Institutional Review Board Approval
All methods, including the procedures described below, received appropriate institutional review board approvals from the Committee for the Protection of Human Subjects at Sam Houston State University and the Chesapeake Institutional Review Board, Inc., for the Brain Wellness and Biofeedback Center of Washington. Signed informed consent was obtained from all participants.
Participants included 9 (8 male, 1 female) US veterans who had experienced wartime deployments in Afghanistan and/or Iraq. All had experienced service-connected TBI with the majority also having experienced some loss of consciousness (range: a few seconds to a number of minutes). While one participant reported having experienced only one concussion, the others reported having experienced multiple (typically “many” or “too many to count”) traumatic head injuries, including exposures to explosive blasts. Age (in years) ranged from 25 to 64 (M = 37.33, SD = 12.63). The duration since end of their most recent deployment to first treatment in this study ranged from 6 to 103 months, with a median of 46 months. Accordingly, many months following their return from deployment, all were experiencing persistent moderate to severe daily headaches. The majority (8) had been diagnosed to have co-morbid PTSD. Three had been diagnosed with depressive disorders. Two were not taking any prescribed medications at the time of study entry, while the remainder were taking at least one medication (range: 1–7, median 2), including acetaminophen (2 participants), antidepressants (4 participants), anti-anxiety drugs and hypnotics (3 participants), anticonvulsants (2 participants), antihistamines (2 participants), as well as statin (1 participant), alpha-blocker (1 participant), beta-blocker (1 participant), and stimulant (1 participant) drugs; one participant was using a triptan on an as needed basis, and another was taking over-the-counter supplements (e.g., biotin, melatonin, Vitamin D). They had all long stalled in terms of any improvements from pharmacologic or non-pharmacologic/psychotherapy interventions. All were treated at the Brain Wellness and Biofeedback Center of Washington (in Bethesda, Maryland, USA) in 20 individual FNS treatment sessions (except for one who moved after 17 sessions and who was doing well at the time of termination).
FNS equipment and procedures
FNS consists of a laptop computer and J&J Enterprises (Poulsbo, WA) I-300 Compact 2 (C-2) Channel EEG module with on-board feedback generating power. It uses proprietary software to link the digital brainwave recording device (C-2 module) through the computer, which then sets the parameters for the C-2 module to emit pulsed EM stimulation . The system returns a signal to the participant via conduction from the C-2 module, varying as a function of the detectable peak EEG frequency (but offset from it), thereby permitting strategic distortion of the EEG. The amount of EM stimulation was standardized with the feedback frequency being offset from the dominant EEG frequency at +20 Hertz (Hz). Pulses of EM energy operated at a duty cycle of 1 %, that is, of the maximum permissible on-time for each pulse, they were powered no more than 1 % of the time (e.g., the maximum on-time at 1 % for 1 Hz pulse was 0.01 s). Testing revealed a power level of 100 pico watts through the sensor cable (Weber Innovations, Ann Arbor, Michigan, USA).
Participants attended approximately 2–3 sessions per week. They sat comfortably with eyes closed and engaged in no specific activity. Electrodes were placed in a predetermined order over all areas of the cortex over the course of 20 sessions. Each session included a total of 4 s of EM stimulation spaced over 4 minutes. The stimulation was not immediately discernible and adverse reactions (e.g., transient increases in typical symptoms following the first few sessions) were minimal. Participants were not asked to discuss past traumas as part of the process.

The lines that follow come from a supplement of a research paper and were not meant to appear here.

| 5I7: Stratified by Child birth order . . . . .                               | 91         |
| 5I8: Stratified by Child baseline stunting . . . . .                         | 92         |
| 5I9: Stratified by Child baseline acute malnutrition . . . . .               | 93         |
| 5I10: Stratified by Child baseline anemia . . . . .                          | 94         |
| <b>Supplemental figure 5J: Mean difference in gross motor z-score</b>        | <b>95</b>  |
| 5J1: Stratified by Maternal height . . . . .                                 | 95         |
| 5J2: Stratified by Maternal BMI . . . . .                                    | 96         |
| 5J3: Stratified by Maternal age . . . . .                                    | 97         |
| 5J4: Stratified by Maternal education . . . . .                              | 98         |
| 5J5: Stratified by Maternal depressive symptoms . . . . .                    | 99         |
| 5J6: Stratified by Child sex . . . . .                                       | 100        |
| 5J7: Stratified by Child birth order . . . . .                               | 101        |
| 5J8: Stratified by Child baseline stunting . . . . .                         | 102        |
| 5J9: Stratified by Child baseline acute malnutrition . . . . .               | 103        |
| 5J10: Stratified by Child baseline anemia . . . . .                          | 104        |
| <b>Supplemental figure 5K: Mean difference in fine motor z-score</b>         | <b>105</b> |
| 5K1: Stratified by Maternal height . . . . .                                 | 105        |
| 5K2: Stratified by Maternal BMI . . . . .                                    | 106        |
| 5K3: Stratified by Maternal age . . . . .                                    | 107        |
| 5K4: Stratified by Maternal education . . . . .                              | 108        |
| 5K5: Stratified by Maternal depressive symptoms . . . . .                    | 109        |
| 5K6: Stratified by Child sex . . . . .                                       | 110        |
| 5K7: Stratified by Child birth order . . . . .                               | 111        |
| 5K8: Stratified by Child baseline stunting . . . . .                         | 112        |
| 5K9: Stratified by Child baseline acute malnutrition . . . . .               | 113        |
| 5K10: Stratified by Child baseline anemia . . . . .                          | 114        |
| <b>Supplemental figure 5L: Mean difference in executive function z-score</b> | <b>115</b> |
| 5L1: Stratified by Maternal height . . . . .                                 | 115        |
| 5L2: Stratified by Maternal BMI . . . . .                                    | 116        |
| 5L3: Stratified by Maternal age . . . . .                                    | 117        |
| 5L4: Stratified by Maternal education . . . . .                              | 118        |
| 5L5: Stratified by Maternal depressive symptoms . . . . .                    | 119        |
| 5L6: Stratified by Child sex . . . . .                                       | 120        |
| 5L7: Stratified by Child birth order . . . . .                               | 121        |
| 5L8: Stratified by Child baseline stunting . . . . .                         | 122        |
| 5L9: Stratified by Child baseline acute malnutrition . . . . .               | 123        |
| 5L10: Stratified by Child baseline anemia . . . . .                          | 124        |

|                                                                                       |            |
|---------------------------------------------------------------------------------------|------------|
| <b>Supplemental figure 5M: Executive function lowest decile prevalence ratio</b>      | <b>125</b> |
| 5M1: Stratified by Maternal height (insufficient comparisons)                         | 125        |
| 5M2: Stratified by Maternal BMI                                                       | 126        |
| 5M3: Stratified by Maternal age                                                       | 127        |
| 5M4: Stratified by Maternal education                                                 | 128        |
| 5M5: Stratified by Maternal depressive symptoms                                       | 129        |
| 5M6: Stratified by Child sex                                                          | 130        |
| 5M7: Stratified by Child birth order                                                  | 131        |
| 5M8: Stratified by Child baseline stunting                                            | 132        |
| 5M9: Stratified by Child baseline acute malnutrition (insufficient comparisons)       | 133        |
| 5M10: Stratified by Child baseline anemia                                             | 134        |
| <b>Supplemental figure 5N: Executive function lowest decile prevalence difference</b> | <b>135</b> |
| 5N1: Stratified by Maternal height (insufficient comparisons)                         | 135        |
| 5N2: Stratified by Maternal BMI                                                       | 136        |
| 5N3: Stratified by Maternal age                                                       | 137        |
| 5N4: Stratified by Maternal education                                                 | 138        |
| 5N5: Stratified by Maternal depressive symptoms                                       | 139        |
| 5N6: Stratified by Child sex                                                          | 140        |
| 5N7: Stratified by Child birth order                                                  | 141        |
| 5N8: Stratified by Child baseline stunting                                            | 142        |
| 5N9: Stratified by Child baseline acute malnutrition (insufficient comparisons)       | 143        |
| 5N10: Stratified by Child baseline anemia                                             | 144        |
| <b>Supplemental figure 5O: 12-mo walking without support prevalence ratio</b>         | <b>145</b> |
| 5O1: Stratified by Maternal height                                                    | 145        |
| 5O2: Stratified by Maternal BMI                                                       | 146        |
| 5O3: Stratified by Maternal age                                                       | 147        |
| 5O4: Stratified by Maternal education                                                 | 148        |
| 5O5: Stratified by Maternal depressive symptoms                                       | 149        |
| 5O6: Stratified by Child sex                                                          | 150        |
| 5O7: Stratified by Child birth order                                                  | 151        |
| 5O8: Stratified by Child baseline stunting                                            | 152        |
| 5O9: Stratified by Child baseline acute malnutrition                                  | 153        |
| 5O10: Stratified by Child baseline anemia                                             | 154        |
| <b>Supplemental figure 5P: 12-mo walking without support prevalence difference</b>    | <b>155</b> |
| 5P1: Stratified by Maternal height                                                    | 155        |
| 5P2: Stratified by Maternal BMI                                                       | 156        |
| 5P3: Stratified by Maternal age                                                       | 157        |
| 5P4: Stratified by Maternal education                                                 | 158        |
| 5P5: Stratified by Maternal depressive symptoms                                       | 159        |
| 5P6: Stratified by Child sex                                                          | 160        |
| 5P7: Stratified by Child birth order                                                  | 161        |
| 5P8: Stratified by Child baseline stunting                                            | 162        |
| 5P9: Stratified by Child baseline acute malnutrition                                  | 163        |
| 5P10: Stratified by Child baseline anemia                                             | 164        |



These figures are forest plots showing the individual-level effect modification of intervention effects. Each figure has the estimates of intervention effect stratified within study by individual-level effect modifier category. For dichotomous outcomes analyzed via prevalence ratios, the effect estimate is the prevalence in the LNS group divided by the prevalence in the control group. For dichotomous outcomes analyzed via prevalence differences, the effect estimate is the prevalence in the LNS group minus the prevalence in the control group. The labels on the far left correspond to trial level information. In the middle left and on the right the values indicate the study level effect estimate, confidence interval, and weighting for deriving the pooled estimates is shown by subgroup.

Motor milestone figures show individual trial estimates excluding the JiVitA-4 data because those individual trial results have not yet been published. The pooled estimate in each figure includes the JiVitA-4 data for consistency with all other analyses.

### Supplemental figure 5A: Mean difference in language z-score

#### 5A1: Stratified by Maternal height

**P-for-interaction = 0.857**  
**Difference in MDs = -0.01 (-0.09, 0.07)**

Brief Pain Inventory-Headache (BPI-HA) 
The Brief Pain Inventory was modified to indicate 0–10 numerical ratings specifically for pain intensity of headaches experienced in the past week (0 = no pain, 10 = pain as bad as you can imagine), including the worst headache pain and average headache pain during that period. This was completed at the outset before any receipt of the experimental intervention (i.e., beginning of treatment with session 1) and periodically thereafter including at sessions 5, 10, 15, and 20 (end of treatment).
Posttraumatic Stress Disorder Checklist-Military version (PCL-M) [21, 22]
The PCL-M is a widely used, highly reliable, and valid measure of the 17 symptoms (each rated on a 1 = not at all bothered to 5 = extremely bothered scale) comprising the typical diagnostic criteria for PTSD. It is specifically worded to reflect trauma experienced during military service. It was administered to derive a total score of PTSD severity (which can range from 17 to 85) at the beginning of treatment, session 1, and again at sessions 5, 10, 15, and 20 (end of treatment).
A 0−10 numerical rating scale to assess extent of perceived cognitive dysfunction was completed by participants at the beginning of each of the 20 treatment sessions. “Cognitive clouding” was defined as problems with clearness of thinking, attention/concentration or memory problems; feeling “foggy,” “hazy,” or “clouded”; with 0 = no cognitive clouding and 10 = worst cognitive clouding possible.
Data analyses included beginning (session 1) to end of treatment (session 20) t-test comparisons for BPI-HA worst and average headache pain ratings, beginning to end of treatment PCL-M total scores, and first treatment session to last treatment session 0–10 numerical ratings for subjective cognitive dysfunction.